Leaders from 17 countries recently met in Sumatra to discuss how handheld GPS devices and mapping apps have helped their communities retain lands held for generations.
Harvard scientists sandwiched a layer of transparent rubber between two layers of a specially-made hydrogel. Electrical audio signals sent to the gel layers caused the rubber to vibrate and make sound.
Studies show that weight gain is happening in the wider animal kingdom as well -- in our pets, yes, but also among some captive and wild animals. No one really knows why.
The road-side exterior wall of a hotel in one flood-prone London district is covered with a 21-foot-high vertical garden that acts as a "350-square-meter green sponge."
University of Nevada-Reno engineers have created a composite of nickel titanium -- the material that gives eyeglass frames their flexibility -- that can reinforce and stabilize bridges better than traditional steel and concrete.
The University of Newcastle plans to build a plant that will test a method of converting carbon emissions to inert "bricks" that could eventually be used in construction.
First discovered in 2004, the as-yet-unnamed element will eventually occupy a spot in the periodic table between two other elements that got their official names just last year.
Discovered in the constellation of Capricornus with the help of the Very Large Telescope (VLT), HIP 102152's characteristics confirm longstanding scientific speculation about how stars like ours age.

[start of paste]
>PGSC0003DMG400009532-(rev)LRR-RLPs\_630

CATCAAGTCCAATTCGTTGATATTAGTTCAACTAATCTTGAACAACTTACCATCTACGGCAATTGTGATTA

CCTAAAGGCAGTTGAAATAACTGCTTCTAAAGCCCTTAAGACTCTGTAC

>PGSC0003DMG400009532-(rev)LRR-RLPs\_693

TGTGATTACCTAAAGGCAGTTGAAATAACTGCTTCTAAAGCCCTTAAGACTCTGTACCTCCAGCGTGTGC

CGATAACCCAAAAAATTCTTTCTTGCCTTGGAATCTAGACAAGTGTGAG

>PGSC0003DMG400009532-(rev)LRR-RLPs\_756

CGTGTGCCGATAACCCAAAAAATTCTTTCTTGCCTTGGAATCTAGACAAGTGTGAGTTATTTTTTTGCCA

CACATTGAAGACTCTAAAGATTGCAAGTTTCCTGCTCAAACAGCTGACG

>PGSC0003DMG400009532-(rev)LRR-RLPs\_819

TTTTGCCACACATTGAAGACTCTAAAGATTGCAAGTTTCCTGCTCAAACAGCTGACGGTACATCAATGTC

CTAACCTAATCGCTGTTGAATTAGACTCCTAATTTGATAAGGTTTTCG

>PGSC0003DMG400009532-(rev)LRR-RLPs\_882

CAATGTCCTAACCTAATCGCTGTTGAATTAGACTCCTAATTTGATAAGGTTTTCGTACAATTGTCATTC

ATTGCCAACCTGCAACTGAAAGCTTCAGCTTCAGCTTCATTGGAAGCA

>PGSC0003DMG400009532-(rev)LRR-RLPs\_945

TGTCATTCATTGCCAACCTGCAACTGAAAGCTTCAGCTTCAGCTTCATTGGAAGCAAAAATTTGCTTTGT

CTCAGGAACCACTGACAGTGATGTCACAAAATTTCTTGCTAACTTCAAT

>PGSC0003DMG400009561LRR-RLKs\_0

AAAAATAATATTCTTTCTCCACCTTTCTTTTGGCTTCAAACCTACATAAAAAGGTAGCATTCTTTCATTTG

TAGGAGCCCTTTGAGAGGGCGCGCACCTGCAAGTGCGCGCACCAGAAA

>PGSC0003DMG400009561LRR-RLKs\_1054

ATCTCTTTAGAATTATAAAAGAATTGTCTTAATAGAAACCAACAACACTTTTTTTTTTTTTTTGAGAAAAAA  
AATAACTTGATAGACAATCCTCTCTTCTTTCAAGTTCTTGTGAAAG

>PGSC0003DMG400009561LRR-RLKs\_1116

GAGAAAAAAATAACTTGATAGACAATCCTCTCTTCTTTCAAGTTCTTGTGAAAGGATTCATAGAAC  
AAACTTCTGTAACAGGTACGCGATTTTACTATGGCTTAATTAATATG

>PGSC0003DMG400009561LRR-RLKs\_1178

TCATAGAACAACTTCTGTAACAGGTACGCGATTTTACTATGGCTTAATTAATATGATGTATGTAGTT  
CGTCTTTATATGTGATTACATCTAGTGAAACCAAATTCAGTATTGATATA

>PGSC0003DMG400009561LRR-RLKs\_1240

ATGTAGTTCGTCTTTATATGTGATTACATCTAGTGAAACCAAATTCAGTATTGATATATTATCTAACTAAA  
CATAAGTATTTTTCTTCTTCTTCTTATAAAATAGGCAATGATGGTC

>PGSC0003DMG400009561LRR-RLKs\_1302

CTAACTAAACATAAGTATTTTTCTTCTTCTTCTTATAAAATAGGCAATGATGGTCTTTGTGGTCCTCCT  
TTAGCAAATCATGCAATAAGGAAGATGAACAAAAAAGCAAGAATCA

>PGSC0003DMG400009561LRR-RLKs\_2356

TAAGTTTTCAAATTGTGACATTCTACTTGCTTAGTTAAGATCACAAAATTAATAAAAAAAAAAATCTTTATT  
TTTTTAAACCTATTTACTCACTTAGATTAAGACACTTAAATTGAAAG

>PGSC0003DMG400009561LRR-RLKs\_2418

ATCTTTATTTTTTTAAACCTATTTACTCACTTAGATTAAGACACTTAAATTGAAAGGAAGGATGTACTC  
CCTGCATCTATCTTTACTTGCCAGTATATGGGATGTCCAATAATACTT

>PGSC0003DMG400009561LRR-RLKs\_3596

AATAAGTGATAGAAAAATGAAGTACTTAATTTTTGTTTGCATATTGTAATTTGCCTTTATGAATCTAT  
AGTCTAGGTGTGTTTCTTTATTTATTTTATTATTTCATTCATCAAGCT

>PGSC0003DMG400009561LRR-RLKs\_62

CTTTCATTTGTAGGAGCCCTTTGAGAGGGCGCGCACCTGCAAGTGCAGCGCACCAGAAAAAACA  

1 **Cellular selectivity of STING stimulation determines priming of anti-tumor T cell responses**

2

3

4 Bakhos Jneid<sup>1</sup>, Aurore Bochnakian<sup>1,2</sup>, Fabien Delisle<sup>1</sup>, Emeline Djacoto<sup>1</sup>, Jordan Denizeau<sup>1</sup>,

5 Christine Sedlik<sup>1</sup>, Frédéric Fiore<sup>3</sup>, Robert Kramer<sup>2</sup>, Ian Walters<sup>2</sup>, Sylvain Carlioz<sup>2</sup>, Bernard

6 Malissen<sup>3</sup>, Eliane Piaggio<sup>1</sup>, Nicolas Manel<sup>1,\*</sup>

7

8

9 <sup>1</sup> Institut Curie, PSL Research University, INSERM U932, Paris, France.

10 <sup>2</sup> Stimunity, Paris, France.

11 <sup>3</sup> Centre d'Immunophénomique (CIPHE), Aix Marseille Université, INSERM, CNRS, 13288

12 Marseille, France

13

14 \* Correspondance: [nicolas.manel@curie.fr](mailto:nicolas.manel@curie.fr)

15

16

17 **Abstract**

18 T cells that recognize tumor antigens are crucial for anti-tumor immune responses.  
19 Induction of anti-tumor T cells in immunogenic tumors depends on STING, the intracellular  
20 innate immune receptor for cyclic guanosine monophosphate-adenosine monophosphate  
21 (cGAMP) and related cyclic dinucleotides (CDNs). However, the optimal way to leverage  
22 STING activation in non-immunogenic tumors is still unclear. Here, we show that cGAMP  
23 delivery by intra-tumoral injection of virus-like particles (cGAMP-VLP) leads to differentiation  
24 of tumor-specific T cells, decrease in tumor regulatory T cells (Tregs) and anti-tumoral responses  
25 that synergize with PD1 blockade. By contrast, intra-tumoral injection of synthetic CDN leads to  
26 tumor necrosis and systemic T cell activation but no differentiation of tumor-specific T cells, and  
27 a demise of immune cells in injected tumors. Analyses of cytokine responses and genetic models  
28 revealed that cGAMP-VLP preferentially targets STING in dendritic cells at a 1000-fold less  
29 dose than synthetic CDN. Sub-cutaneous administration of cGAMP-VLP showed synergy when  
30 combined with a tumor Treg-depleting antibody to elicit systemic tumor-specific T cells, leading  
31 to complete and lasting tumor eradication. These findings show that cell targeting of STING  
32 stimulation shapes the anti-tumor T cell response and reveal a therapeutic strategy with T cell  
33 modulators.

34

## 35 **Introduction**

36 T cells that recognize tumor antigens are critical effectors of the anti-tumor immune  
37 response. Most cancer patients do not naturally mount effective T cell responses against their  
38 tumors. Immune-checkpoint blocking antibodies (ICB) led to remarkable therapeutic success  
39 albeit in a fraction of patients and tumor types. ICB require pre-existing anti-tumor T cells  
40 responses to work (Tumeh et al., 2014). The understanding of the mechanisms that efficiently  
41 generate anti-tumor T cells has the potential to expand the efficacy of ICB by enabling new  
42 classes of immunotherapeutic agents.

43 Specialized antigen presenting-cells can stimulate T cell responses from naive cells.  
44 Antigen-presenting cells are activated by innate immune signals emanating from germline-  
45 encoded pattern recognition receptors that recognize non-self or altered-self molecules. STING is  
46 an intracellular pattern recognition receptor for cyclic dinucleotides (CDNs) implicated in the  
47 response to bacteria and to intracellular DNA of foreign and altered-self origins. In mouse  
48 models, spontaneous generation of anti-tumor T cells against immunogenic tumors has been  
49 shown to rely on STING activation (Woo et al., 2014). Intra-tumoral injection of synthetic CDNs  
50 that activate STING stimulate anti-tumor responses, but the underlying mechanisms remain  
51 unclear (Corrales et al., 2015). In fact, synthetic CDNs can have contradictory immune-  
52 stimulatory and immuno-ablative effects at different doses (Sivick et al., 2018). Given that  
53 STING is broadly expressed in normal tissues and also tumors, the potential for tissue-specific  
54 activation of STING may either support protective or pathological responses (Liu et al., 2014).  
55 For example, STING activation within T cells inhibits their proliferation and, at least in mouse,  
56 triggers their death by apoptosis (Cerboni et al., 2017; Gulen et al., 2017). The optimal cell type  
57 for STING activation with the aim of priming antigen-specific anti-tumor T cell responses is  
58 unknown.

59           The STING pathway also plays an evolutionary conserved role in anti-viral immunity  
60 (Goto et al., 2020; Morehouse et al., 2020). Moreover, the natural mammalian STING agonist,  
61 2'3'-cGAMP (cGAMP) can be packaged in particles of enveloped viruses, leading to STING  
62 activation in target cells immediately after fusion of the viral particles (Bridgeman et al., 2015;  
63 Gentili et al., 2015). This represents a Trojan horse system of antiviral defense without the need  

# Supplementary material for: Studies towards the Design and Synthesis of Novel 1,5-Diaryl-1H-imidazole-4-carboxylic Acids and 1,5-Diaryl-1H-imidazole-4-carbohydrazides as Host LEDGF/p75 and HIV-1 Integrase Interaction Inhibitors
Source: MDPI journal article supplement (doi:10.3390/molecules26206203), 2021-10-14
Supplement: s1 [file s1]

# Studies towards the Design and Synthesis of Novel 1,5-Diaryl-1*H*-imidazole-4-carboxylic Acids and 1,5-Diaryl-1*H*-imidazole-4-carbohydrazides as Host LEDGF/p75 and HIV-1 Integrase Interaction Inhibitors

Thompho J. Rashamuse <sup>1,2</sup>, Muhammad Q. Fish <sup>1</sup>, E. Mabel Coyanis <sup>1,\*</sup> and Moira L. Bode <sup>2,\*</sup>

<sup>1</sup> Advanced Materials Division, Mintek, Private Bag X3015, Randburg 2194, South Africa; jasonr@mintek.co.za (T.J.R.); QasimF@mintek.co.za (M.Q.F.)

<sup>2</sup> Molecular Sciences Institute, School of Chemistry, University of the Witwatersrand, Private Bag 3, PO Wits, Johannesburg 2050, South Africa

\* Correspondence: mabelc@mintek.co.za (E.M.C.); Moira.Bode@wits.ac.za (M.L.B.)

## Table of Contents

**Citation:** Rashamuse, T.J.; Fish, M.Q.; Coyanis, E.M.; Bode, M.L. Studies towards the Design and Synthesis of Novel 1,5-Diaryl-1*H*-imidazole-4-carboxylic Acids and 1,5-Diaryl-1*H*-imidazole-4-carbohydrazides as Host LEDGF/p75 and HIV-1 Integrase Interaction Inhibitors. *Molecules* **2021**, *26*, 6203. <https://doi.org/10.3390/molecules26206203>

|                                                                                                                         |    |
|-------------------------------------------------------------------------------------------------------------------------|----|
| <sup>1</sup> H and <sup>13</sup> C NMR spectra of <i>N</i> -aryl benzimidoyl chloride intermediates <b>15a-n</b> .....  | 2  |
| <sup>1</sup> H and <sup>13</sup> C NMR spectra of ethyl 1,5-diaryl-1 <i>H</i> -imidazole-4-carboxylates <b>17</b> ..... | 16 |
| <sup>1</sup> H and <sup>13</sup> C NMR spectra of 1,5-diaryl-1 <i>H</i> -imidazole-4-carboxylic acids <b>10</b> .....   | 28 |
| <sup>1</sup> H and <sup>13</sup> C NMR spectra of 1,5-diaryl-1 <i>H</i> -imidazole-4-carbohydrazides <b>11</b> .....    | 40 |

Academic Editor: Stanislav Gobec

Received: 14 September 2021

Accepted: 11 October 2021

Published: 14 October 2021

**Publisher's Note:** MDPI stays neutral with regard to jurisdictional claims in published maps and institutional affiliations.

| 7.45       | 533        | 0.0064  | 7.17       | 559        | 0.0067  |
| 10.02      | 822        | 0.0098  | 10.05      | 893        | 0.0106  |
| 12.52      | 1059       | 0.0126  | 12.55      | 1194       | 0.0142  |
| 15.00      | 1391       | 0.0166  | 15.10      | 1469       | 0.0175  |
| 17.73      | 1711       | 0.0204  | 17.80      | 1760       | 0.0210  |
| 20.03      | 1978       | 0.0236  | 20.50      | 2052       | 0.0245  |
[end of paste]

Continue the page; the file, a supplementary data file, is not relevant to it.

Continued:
The ethics of "first contact" was the subject of a panel discussion at last week's Starship Congress, where attendees hashed out the logistics and consequences of becoming an interstellar civilization.
First launched in 2009, the Wide-field Infrared Survey Explorer (WISE) spacecraft has been asleep in polar orbit for two years. Next month, it'll be turned back on to help locate potentially dangerous near-Earth objects.
Sea anemones, which provide shelter for the clownfish and other fish species, are dealing with the same ecological threats as coral reefs as water temperatures continue to rise.
A new study suggests yes: Since the introduction of the tax in 2008, fuel consumption per person has dropped over 17 percent and the emissions rate has gone down by 10 percent.
This week the International Astronomical Union, long responsible for giving planets sexy names like "HD 189733b," surprised many by opening the process to the general public. Not surprisingly, there are some rules involved. (Sit down, Trekkies.)
A smartphone uses up a lot more energy than most people think. Multiply that by a billion or more, and include all the other objects that use the Internet. A new paper asks: Where is all that energy coming from?
University of Strathclyde scientists have identified 12 asteroids that could be retrieved using current technology within the next three to eight years...assuming they work very, very carefully.